Is there anyway to set the color of a string resource in android? I mean, I know I can use some html tags to change string style (or substrings) but have not found any to change color. I have seen other solutions here at stackoverflow like passing the string to Html.fromHtml(string) before setting the text but I want to do it in the string resource editor. Any possibility?

4 Answers 4


It looks like this method is working:

    <string name="some_text">this is <font fgcolor="#ffff0000">red</font></string>
  • 7
    It seems to have stopped working in 4.3 (possibly earlier) -- anybody know what's up? Sep 11, 2013 at 7:08
  • 8
    Why it stopped working, how it stopped working, a nice workaround / involves code :( and an ugly workaround: for any color above 7fffffff apply the following: <font color="#ff6890a5"> put ff6890a5 into a calculator (optionally convert to decimal first) and flip the sign, then (optionally convert back to hexa) take the last 8 hexadecimal digits and use <font color="-#00976F5B">.
    – TWiStErRob
    Sep 4, 2014 at 20:51
  • 2
    OK, now THAT was bloody brilliant. It worked perfectly. Thank you so much and I wish I'd known about this a long time ago. Jul 26, 2015 at 19:51
  • Note that anyone using this approach should use the Resources.getText(id:) method to get the String and not the Resources.getString(id:) method. The former method retains any rich text styling in the String and the latter does not. Also, with the Resources.getText(id:) method, you can use the color attribute instead of fgcolor in the font element just fine. Nov 27, 2020 at 17:45

As far as I know it is not possible. I would use a SpannableString to change the color.

    int colorBlue = getResources().getColor(R.color.blue);
    String text = getString(R.string.text);
    SpannableString spannable = new SpannableString(text);
    // here we set the color
    spannable.setSpan(new ForegroundColorSpan(colorBlue), 0, text.length(), 0);

Spannable is really nice. You can set thinks like fontseize and stuff there and just attach it to a text view. The advantage is that you can have different colors in one view.

Edit: Ok, if you only want to set the Color the solution mentioned above me is the way to go.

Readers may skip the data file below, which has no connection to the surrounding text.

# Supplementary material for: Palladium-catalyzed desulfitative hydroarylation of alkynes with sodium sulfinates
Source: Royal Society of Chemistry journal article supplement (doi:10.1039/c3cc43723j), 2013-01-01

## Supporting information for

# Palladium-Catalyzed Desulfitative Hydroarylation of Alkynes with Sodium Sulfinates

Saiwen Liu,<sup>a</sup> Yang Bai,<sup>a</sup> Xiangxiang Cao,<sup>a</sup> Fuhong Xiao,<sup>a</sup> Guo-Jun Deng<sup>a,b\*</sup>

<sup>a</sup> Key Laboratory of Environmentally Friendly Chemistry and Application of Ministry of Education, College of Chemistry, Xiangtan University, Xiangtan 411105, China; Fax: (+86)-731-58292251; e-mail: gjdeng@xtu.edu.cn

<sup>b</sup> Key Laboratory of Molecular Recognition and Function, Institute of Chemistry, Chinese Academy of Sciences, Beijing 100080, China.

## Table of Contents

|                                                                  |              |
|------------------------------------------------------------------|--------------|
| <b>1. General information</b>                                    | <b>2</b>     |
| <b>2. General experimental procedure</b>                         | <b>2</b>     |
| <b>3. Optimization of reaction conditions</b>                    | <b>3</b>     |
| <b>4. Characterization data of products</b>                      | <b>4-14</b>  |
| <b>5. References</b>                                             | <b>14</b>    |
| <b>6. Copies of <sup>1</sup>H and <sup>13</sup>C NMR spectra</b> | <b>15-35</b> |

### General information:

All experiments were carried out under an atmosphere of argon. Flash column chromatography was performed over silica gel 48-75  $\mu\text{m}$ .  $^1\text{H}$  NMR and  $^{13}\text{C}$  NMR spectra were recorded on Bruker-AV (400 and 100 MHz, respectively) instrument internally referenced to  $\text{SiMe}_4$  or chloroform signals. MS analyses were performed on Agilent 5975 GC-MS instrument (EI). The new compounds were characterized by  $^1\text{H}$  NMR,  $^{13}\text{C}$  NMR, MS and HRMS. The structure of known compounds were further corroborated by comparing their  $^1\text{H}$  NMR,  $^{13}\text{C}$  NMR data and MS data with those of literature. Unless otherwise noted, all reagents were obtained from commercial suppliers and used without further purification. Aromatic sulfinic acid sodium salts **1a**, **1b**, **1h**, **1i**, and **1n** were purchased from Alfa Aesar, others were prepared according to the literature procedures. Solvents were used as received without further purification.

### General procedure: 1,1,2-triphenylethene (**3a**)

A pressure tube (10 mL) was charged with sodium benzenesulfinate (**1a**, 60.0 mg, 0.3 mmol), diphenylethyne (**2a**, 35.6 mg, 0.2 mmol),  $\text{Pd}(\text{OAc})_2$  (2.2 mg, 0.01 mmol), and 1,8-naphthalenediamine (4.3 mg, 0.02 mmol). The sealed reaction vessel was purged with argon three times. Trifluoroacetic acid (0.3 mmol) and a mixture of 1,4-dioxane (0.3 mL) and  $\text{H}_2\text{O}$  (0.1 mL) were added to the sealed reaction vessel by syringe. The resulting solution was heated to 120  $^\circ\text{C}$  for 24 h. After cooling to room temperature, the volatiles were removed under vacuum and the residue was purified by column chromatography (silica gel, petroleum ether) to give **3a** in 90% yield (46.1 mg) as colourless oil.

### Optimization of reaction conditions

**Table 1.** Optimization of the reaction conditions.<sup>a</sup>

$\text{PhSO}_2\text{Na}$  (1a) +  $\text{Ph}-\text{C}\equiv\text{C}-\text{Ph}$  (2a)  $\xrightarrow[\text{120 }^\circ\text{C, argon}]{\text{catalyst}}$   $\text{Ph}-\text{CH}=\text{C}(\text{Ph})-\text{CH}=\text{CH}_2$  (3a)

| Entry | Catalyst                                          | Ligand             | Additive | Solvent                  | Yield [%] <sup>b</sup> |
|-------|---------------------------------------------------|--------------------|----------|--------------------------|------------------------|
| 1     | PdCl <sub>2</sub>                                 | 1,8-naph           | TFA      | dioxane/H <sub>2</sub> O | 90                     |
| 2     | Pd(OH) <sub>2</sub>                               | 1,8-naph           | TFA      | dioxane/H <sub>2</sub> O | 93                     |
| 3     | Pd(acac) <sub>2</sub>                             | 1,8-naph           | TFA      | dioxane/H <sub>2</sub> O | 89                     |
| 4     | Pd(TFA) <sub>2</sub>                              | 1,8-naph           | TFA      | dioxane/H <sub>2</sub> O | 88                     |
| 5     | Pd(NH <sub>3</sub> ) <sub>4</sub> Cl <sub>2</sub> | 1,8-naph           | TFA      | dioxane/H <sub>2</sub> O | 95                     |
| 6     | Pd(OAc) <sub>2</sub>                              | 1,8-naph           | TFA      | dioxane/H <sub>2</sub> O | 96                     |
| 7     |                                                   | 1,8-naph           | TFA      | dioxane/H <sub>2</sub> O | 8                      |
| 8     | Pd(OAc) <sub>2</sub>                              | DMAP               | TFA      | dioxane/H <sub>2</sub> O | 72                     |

• I see, if this is the way to go I could create my string resources with some "code" in it to know where the substring I want to change the color begins and ends and process it the way you exposed. Thanks.
    – Notbad
    Mar 9, 2012 at 14:31
  • int colorBlue = getResources().getColor(R.color.blue); .... spannable.setSpan(new ForegroundColorSpan(colorBlue), 0, text.length(), 0); can be replaced by a single line like this spannable.setSpan(new ForegroundColorSpan(R.color.blue) .. Jul 15, 2013 at 10:25
  • Also, I would personally use the flag constants declared in the spannable class instead of hard-coding 0 during the call. Makes for more readable and maintainable code. Just something that I would do.. Jul 15, 2013 at 10:28

The strings themselves have no color, but you can change the color of the text in the textView they appear in. See the textview documentation, but there are 2 ways to do it.




  • Thanks for the answer. I think it wasn't well formulated. I refered to change the color of a substring in the resource string. Sorry for that.
    – Notbad
    Mar 9, 2012 at 14:28

I have recently made a flexible solution for this problem. It enables me of easily add multiple styles to substrings by using method chaining. It makes use of the SpannableString. When you want to give a certain substring a color, you can use ForegroundColorSpan.

public StyledString putColor(String subString, @ColorRes int colorRes){
        int color = ColorUtil.getColor(context, colorRes);
        ForegroundColorSpan foregroundColorSpan = new ForegroundColorSpan(color);
        fullStringBuilder.setSpan(foregroundColorSpan, startingIndex, endingIndex, Spannable.SPAN_EXCLUSIVE_EXCLUSIVE);
    return this;

For full code see gist.


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